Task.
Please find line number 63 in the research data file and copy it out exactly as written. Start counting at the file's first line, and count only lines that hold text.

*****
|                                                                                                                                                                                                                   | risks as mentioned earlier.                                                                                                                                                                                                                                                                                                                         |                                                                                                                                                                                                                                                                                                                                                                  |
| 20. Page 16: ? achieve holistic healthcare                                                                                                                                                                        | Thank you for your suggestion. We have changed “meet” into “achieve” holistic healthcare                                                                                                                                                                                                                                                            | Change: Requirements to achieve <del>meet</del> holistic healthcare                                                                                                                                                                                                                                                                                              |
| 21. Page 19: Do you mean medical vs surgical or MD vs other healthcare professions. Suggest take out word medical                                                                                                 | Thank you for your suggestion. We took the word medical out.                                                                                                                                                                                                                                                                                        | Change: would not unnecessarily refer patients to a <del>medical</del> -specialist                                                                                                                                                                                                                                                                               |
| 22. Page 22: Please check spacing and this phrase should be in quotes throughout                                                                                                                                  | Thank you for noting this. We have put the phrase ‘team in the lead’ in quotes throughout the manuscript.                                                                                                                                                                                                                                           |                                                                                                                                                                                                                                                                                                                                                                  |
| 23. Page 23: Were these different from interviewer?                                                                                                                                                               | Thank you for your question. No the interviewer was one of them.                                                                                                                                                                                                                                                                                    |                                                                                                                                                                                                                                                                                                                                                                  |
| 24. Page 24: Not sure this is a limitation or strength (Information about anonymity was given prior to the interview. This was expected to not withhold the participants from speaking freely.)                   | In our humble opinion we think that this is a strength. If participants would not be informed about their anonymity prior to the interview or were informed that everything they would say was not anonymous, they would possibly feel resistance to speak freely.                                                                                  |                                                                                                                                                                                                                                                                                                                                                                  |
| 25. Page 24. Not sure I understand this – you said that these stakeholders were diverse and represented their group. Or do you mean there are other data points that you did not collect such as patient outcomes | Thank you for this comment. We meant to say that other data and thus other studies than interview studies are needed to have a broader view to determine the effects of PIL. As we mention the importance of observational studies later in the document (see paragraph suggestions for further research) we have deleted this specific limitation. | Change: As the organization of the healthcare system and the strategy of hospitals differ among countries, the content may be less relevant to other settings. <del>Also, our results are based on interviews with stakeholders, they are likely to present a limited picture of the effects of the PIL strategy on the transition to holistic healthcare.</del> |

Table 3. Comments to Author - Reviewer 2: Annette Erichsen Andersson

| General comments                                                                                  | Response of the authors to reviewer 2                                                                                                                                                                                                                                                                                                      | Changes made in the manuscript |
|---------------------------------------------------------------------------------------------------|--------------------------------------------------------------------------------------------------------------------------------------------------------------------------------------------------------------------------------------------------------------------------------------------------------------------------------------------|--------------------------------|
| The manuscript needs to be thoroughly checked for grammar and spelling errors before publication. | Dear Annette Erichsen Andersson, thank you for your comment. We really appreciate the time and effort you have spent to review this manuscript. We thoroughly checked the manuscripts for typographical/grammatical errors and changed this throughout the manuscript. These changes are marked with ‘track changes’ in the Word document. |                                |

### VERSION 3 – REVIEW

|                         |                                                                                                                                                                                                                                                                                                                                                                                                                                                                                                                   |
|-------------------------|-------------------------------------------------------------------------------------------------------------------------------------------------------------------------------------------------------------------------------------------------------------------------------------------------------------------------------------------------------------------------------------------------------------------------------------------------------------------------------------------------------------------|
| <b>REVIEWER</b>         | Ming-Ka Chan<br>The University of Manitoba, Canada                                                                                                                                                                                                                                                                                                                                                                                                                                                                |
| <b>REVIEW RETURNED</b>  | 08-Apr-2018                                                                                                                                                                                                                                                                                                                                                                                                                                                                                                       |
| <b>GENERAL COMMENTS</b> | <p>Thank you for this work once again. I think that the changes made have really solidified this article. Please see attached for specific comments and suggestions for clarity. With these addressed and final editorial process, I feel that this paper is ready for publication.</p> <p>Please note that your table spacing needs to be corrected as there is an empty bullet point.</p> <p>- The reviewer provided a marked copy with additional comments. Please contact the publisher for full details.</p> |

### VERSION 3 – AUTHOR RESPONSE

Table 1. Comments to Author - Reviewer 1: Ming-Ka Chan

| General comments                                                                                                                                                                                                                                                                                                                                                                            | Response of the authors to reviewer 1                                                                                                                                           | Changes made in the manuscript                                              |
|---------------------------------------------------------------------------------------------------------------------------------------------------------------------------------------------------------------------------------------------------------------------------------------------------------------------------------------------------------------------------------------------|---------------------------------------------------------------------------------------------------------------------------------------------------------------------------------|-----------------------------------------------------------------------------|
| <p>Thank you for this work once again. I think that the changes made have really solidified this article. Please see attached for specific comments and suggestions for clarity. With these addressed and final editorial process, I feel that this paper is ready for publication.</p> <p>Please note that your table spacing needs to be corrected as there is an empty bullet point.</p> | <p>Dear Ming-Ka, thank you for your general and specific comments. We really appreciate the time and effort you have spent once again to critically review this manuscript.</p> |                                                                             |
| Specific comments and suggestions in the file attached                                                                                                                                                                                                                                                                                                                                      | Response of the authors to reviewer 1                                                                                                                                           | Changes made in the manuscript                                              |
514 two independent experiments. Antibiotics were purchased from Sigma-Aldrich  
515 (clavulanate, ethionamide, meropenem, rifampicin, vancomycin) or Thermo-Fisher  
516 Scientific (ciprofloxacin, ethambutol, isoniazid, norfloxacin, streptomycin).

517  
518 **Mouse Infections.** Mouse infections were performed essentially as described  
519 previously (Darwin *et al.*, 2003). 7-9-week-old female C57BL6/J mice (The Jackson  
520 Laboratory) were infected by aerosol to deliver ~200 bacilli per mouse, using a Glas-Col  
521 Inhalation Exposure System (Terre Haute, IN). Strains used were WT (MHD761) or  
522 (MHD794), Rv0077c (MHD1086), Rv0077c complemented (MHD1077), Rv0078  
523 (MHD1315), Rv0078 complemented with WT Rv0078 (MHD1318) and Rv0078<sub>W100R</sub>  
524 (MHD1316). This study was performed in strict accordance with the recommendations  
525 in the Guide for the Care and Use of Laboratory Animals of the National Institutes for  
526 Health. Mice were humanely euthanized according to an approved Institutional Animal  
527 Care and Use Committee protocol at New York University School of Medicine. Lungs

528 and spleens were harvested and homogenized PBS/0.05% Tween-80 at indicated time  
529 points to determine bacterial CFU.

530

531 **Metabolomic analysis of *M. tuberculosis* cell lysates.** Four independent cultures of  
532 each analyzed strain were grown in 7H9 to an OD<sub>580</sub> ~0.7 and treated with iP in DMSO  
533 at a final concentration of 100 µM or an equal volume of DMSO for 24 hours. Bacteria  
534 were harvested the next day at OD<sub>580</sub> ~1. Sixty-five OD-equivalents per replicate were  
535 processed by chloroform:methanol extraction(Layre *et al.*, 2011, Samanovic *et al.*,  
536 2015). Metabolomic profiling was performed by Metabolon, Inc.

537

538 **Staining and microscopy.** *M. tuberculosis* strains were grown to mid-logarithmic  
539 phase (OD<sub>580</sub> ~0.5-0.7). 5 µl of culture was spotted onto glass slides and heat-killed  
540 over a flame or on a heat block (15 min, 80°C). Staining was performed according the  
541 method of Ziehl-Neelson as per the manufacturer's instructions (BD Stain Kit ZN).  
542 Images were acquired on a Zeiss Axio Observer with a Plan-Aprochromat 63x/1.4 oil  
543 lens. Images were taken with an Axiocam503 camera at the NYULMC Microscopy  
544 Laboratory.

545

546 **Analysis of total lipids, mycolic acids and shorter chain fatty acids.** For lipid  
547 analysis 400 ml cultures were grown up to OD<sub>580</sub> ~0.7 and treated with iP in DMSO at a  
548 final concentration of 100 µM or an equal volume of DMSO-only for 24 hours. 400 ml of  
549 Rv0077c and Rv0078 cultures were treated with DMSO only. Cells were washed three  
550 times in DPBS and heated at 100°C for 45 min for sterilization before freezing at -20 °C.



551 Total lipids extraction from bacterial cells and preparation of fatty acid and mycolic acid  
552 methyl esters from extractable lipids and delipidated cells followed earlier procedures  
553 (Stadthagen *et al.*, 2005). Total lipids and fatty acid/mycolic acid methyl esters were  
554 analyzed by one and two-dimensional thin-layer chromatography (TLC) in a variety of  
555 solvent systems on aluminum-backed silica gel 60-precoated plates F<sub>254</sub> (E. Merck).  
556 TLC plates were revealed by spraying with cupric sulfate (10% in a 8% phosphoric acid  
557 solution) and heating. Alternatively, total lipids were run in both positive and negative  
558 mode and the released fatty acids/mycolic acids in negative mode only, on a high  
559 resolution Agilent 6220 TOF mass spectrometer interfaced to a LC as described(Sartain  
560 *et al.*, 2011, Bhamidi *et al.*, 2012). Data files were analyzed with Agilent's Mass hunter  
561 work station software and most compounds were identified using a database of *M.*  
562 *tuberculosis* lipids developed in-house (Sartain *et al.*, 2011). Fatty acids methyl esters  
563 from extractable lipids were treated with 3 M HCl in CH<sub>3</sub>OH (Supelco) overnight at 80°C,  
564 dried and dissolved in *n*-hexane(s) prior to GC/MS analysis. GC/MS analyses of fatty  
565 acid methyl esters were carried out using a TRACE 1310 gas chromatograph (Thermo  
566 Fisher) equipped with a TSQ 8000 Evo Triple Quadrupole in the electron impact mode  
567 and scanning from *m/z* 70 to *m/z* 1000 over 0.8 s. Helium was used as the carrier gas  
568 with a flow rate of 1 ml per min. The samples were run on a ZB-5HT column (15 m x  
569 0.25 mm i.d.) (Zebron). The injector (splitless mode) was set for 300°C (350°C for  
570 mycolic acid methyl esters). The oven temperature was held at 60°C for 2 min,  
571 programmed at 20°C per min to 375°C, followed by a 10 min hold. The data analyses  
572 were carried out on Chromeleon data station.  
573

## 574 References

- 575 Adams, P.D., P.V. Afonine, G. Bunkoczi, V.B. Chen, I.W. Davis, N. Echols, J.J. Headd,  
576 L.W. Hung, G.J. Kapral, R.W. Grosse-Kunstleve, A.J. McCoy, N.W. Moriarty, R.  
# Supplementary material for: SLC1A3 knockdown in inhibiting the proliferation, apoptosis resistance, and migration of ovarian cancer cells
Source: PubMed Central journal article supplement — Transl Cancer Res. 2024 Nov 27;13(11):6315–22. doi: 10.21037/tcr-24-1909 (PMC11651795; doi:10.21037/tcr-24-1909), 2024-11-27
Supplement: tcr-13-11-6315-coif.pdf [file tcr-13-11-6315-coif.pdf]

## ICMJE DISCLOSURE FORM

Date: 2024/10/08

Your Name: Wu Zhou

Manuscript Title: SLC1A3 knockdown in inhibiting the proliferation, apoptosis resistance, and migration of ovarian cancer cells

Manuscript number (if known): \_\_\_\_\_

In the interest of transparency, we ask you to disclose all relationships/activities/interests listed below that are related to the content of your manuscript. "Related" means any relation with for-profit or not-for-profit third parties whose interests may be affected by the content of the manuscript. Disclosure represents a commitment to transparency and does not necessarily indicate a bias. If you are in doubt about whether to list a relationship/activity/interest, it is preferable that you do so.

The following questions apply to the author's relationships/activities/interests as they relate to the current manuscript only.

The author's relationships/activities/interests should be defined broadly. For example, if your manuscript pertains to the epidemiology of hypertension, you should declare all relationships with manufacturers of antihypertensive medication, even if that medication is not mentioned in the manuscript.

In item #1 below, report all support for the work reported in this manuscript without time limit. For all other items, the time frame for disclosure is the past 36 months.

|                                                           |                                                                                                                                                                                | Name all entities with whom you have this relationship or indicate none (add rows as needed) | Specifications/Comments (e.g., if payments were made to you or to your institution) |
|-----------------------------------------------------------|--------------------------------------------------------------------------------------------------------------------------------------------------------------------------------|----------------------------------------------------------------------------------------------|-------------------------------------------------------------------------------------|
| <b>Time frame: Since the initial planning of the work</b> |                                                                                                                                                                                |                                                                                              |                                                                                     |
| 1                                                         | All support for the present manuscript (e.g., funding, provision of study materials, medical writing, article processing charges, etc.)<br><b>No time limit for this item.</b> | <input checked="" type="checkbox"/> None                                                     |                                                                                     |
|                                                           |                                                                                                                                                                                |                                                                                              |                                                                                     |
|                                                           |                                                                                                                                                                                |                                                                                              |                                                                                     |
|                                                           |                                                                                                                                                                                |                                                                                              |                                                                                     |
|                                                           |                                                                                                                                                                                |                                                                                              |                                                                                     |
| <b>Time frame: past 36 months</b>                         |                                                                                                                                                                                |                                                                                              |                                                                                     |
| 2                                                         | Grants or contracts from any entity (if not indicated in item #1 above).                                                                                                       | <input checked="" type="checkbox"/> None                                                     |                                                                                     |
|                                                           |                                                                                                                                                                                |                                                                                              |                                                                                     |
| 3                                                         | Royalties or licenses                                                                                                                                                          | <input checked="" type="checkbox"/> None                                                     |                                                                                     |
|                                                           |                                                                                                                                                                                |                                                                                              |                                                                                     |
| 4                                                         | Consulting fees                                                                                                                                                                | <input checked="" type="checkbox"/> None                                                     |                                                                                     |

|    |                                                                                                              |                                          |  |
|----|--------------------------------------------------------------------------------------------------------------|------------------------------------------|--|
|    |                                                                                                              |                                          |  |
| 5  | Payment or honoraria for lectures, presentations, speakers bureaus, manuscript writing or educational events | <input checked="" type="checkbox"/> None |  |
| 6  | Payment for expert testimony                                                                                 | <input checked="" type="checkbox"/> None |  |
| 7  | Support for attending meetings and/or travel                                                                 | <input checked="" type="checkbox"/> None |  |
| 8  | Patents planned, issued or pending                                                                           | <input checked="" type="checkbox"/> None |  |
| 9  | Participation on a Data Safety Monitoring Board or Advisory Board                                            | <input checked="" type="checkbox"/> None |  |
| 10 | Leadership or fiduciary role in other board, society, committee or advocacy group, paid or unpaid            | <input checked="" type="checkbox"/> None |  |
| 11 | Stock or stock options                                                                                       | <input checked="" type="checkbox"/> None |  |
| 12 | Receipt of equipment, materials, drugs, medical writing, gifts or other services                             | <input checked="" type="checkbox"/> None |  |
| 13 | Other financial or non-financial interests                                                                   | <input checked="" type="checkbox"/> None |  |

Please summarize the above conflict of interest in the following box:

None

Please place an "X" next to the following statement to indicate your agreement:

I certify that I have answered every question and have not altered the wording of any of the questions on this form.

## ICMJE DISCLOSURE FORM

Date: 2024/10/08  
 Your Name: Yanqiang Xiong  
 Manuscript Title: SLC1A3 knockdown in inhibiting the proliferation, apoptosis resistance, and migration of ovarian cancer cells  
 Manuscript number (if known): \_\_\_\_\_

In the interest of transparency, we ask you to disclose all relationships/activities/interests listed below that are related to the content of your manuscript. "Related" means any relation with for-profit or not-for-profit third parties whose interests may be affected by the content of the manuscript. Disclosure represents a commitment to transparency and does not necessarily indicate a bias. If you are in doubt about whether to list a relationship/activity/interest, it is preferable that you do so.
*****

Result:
553 (Stadthagen *et al.*, 2005). Total lipids and fatty acid/mycolic acid methyl esters were  